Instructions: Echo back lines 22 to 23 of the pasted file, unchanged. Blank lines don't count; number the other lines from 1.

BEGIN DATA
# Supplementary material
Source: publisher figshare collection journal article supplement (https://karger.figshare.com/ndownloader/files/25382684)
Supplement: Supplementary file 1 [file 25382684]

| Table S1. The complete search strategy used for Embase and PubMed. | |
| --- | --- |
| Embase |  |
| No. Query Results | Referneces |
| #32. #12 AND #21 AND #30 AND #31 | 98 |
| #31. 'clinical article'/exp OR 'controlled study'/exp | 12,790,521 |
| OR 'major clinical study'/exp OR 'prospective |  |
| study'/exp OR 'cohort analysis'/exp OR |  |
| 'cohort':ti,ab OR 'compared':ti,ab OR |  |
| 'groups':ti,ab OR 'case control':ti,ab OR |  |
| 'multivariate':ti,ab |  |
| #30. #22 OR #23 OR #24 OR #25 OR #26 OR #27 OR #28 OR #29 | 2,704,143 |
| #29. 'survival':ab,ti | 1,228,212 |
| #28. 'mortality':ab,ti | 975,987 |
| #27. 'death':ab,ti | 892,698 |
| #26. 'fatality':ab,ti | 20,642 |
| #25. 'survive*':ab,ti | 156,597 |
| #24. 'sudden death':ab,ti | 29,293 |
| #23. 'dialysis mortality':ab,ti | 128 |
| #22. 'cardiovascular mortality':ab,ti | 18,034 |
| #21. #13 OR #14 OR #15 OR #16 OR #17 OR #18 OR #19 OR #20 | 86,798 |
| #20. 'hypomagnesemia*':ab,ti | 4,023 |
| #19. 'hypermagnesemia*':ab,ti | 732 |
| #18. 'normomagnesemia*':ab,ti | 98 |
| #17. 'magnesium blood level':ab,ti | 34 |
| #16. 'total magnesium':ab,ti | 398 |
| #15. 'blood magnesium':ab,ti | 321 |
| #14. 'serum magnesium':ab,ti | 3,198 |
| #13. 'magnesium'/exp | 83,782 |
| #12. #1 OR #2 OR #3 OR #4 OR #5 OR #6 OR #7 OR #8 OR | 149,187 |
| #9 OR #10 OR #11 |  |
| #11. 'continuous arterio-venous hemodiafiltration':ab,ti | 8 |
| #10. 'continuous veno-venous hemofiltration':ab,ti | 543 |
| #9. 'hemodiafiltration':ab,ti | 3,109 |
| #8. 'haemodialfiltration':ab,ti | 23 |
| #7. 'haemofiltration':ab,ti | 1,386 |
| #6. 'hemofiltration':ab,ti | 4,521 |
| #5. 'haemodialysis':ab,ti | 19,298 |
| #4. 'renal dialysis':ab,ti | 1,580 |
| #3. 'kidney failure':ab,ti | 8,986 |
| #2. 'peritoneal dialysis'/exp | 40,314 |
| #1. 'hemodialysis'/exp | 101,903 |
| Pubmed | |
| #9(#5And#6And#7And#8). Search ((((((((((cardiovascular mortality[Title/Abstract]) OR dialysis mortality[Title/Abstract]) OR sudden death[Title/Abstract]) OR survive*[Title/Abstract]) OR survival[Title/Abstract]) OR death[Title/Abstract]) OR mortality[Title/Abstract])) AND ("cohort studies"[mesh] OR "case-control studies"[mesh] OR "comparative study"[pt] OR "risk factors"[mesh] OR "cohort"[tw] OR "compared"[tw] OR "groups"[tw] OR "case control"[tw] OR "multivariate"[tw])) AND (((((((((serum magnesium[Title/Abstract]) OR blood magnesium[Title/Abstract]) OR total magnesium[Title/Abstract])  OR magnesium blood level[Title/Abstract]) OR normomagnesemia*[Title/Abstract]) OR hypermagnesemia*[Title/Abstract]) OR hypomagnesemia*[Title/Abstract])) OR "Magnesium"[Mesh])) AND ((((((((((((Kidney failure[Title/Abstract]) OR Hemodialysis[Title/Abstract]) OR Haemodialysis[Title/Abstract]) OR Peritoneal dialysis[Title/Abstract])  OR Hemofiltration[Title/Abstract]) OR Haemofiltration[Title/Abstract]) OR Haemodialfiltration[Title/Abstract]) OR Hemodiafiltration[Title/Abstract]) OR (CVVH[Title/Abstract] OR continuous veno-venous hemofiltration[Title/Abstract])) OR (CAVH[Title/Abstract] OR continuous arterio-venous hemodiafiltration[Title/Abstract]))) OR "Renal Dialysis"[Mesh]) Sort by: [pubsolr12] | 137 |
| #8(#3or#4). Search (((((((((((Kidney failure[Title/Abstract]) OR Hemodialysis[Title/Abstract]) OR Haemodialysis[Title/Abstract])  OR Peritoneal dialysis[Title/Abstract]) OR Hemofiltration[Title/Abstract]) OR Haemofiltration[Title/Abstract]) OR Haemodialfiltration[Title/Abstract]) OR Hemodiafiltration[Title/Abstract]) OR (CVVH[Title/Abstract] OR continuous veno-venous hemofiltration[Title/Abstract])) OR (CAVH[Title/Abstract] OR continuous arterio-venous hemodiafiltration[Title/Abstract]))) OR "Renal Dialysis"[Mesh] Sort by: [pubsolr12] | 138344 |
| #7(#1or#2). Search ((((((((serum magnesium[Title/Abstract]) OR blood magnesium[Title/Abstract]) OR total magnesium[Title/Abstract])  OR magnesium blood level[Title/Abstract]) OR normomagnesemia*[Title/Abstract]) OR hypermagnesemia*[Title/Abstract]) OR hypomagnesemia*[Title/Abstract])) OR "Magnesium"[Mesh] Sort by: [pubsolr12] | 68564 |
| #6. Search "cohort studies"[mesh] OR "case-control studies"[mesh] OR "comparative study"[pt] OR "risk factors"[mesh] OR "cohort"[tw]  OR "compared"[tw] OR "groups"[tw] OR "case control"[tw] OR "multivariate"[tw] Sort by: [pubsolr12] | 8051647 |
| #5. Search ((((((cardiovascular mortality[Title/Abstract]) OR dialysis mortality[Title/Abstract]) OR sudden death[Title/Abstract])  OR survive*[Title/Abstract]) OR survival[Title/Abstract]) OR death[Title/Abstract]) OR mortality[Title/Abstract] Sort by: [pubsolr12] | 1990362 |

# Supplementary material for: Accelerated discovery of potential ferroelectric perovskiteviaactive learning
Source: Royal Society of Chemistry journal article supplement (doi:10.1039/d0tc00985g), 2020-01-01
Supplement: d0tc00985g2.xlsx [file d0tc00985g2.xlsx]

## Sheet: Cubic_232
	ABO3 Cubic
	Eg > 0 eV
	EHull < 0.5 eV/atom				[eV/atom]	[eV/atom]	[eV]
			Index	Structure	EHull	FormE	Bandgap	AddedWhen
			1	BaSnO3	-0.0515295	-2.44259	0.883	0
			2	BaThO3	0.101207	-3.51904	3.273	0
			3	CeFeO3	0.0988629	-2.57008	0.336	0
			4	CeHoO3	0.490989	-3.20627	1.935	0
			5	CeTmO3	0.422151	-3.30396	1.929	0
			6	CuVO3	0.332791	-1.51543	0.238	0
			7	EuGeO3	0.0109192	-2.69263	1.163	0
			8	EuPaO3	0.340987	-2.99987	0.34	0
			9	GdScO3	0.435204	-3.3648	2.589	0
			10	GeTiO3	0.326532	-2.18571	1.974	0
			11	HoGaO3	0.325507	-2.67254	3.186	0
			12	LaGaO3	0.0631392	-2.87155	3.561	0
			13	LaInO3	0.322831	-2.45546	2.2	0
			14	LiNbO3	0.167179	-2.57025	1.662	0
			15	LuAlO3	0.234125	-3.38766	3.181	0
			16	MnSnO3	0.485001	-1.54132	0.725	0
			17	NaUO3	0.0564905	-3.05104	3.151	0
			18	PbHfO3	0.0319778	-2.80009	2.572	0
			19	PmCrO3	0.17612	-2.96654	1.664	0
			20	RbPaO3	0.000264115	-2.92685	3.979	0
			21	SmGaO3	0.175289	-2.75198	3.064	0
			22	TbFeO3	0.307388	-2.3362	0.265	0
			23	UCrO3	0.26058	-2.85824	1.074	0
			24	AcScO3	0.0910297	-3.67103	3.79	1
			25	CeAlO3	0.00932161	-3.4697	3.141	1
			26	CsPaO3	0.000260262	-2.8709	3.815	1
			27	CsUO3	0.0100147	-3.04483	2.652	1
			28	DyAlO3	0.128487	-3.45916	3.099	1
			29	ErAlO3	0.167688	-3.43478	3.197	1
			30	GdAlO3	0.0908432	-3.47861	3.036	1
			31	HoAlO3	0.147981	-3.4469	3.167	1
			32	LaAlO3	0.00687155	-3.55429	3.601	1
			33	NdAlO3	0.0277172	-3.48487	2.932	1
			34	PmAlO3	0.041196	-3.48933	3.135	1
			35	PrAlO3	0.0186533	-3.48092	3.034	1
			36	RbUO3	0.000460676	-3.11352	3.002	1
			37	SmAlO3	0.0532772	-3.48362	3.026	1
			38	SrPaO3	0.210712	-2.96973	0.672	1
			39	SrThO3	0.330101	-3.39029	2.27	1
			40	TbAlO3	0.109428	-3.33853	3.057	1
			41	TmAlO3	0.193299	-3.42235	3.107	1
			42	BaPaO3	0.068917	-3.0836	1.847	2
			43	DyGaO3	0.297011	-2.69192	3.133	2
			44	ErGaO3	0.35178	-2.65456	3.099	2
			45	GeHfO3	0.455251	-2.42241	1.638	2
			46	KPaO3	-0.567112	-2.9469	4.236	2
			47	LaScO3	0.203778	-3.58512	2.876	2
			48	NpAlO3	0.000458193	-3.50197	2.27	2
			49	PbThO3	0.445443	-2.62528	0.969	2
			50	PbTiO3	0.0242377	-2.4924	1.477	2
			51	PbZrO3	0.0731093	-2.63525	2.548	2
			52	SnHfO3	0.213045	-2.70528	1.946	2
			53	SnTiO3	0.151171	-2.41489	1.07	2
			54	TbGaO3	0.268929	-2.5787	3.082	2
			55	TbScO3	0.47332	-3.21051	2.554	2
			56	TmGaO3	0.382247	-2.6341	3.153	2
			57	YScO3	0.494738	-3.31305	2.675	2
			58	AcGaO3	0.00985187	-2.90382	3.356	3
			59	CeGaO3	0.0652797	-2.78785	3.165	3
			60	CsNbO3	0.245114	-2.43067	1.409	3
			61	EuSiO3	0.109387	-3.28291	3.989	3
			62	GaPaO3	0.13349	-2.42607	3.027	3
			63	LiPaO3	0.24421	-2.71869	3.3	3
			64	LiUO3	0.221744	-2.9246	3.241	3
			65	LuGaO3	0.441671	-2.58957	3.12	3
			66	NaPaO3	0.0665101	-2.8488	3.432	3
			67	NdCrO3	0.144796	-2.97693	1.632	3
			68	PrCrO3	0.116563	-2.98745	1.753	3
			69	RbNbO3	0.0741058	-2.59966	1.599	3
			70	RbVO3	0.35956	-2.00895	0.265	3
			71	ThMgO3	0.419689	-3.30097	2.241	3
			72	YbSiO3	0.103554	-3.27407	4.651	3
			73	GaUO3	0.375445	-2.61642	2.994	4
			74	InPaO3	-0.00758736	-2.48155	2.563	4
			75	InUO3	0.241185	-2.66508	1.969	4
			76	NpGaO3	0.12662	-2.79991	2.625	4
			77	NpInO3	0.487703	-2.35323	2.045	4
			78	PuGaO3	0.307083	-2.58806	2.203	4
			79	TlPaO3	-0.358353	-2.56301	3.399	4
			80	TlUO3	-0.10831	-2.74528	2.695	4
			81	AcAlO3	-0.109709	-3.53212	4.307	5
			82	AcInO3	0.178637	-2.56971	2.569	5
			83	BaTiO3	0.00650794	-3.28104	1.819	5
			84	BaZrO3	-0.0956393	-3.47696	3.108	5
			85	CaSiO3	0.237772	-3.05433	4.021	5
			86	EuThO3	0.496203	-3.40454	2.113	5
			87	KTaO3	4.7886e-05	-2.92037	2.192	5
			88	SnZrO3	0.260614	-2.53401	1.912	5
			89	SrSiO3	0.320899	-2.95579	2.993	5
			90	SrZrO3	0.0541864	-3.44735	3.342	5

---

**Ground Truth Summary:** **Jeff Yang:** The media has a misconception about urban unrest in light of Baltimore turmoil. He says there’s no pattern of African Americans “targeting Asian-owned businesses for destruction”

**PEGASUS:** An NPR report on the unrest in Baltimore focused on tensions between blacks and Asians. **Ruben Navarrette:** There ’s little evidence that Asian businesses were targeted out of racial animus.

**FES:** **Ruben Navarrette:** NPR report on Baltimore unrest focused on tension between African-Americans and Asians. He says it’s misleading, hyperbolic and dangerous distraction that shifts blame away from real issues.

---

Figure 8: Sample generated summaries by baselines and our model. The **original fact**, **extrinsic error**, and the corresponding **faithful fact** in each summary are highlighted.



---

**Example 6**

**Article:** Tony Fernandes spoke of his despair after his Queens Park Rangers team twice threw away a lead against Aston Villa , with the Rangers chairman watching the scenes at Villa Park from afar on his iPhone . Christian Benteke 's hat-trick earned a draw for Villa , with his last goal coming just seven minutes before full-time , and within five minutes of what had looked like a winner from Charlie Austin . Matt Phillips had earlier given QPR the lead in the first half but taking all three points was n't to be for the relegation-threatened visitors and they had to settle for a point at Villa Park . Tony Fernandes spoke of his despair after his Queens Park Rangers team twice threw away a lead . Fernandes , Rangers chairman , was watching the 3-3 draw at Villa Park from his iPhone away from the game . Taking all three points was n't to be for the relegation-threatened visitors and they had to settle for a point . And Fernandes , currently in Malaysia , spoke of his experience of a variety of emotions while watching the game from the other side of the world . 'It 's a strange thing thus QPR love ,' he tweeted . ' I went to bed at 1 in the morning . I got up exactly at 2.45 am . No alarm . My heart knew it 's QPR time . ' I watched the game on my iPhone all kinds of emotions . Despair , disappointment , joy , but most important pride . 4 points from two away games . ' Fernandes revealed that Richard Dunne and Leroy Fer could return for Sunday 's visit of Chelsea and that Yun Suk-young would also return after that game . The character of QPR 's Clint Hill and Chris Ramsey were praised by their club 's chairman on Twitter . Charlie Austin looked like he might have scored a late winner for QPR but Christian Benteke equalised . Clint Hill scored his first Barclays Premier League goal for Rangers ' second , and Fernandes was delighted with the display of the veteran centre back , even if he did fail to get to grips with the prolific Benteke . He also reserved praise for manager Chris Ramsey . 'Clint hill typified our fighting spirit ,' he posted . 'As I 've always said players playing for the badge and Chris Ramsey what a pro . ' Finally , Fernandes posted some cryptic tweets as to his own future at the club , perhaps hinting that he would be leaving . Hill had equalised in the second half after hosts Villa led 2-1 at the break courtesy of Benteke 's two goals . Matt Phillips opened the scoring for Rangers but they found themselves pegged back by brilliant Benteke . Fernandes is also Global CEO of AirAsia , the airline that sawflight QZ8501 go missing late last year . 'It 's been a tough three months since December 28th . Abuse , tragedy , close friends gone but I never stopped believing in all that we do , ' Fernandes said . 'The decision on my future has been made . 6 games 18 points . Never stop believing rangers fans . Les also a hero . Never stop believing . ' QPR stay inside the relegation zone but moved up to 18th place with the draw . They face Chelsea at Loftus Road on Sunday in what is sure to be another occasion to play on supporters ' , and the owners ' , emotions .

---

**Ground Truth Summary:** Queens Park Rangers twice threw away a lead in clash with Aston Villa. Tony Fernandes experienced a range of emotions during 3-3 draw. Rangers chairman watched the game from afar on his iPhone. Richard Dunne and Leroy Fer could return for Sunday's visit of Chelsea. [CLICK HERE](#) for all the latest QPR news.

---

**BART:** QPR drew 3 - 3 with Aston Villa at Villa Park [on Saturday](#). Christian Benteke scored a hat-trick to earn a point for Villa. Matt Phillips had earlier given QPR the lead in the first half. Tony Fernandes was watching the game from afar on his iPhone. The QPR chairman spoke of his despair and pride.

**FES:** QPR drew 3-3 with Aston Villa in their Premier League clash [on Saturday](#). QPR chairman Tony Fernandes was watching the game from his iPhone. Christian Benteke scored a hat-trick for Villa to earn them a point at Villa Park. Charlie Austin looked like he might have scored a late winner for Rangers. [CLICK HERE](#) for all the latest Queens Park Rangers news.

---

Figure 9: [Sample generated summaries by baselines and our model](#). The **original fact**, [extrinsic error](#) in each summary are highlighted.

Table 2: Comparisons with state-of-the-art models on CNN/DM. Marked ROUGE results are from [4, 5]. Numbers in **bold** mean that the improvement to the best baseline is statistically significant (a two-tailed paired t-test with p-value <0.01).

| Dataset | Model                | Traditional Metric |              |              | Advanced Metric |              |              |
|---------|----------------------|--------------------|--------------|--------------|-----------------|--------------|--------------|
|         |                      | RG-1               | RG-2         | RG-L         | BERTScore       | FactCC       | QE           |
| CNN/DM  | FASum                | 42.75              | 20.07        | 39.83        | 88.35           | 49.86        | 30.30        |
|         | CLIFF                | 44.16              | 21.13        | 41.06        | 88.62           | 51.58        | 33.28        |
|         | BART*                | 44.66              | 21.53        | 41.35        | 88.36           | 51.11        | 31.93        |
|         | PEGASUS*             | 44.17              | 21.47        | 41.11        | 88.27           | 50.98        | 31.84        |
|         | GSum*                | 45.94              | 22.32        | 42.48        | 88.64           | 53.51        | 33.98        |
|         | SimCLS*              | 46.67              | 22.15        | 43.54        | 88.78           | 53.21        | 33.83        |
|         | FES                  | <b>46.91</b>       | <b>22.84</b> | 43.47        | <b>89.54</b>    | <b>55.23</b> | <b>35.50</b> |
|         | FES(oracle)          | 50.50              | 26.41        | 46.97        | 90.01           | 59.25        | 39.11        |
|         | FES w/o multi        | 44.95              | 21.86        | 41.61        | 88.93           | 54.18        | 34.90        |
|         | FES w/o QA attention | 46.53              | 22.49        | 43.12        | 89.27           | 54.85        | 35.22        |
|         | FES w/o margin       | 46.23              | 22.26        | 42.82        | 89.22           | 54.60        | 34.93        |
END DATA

| #23. 'dialysis mortality':ab,ti | 128 |
| #22. 'cardiovascular mortality':ab,ti | 18,034 |